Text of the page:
She arrived in Dublin in February 2015 and spent her first two weeks sleeping in the kitchen of two Indian men before moving into an apartment in Shankill. “There were 14 people in the house and my room was in the attic. There was only a mattress in the room, no bed, and I couldn’t stand in it.”

Very frustrated

In June 2015, Vasconcelos passed the English exam and started looking for work as an engineer. “I naively thought that with my qualifications doors would open for me. But, without a work permit, it was next to impossible.”

She started working as a cleaner for UCD accommodation and then found a job as a carer for elderly people. “I got very frustrated, I was on holidays from English classes but could only find part-time work. I didn’t feel comfortable with the homecare work. I’d grown up in a very conservative family, and my mother wouldn’t let me go out when I was a child because I was a girl. So giving a shower to an old man was a huge thing for me.”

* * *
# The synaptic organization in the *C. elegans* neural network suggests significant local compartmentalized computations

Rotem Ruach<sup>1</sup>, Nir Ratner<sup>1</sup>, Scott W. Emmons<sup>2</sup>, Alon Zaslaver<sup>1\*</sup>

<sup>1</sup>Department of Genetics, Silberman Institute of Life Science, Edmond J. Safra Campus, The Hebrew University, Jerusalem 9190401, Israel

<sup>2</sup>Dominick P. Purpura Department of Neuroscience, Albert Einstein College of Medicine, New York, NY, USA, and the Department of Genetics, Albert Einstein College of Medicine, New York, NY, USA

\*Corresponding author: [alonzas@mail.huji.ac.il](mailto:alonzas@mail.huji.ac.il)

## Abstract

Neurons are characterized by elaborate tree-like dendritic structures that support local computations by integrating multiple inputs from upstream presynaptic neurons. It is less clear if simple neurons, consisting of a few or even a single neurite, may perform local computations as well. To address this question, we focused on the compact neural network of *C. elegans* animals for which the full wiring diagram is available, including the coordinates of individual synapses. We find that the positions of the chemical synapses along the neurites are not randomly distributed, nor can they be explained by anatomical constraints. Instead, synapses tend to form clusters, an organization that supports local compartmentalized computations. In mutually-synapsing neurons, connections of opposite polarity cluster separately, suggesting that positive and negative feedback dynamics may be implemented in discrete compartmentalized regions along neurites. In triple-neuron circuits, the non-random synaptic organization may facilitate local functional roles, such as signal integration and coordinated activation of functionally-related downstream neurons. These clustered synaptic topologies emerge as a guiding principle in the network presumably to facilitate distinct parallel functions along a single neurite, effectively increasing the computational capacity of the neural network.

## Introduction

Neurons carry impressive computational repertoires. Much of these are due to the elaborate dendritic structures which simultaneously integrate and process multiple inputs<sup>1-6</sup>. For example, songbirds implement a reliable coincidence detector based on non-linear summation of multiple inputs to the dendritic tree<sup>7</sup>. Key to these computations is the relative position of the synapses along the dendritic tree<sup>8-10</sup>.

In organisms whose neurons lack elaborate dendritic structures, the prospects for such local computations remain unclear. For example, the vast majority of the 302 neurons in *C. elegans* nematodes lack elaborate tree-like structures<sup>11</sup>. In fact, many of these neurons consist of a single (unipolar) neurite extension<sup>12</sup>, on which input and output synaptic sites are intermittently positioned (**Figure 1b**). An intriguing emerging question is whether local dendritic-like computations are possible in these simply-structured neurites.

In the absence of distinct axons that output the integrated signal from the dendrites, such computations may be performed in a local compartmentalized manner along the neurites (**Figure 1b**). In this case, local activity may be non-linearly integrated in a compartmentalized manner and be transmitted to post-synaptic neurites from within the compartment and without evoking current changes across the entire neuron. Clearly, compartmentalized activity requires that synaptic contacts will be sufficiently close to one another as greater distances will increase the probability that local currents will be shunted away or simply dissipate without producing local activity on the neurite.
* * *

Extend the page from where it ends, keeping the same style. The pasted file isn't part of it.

She eventually decided to move back to Brazil but decided to apply for an internship before leaving Ireland so she could go home with some professional experience. In September she secured an unpaid position and lived off savings while staying in the home of a family she had moved in with a few months previously.

“I was very depressed at that time, I had no one to talk to. My family had this idea that my life was perfect but I used to arrive home after the internship, lie in bed and cry until I fell asleep.”

Dreams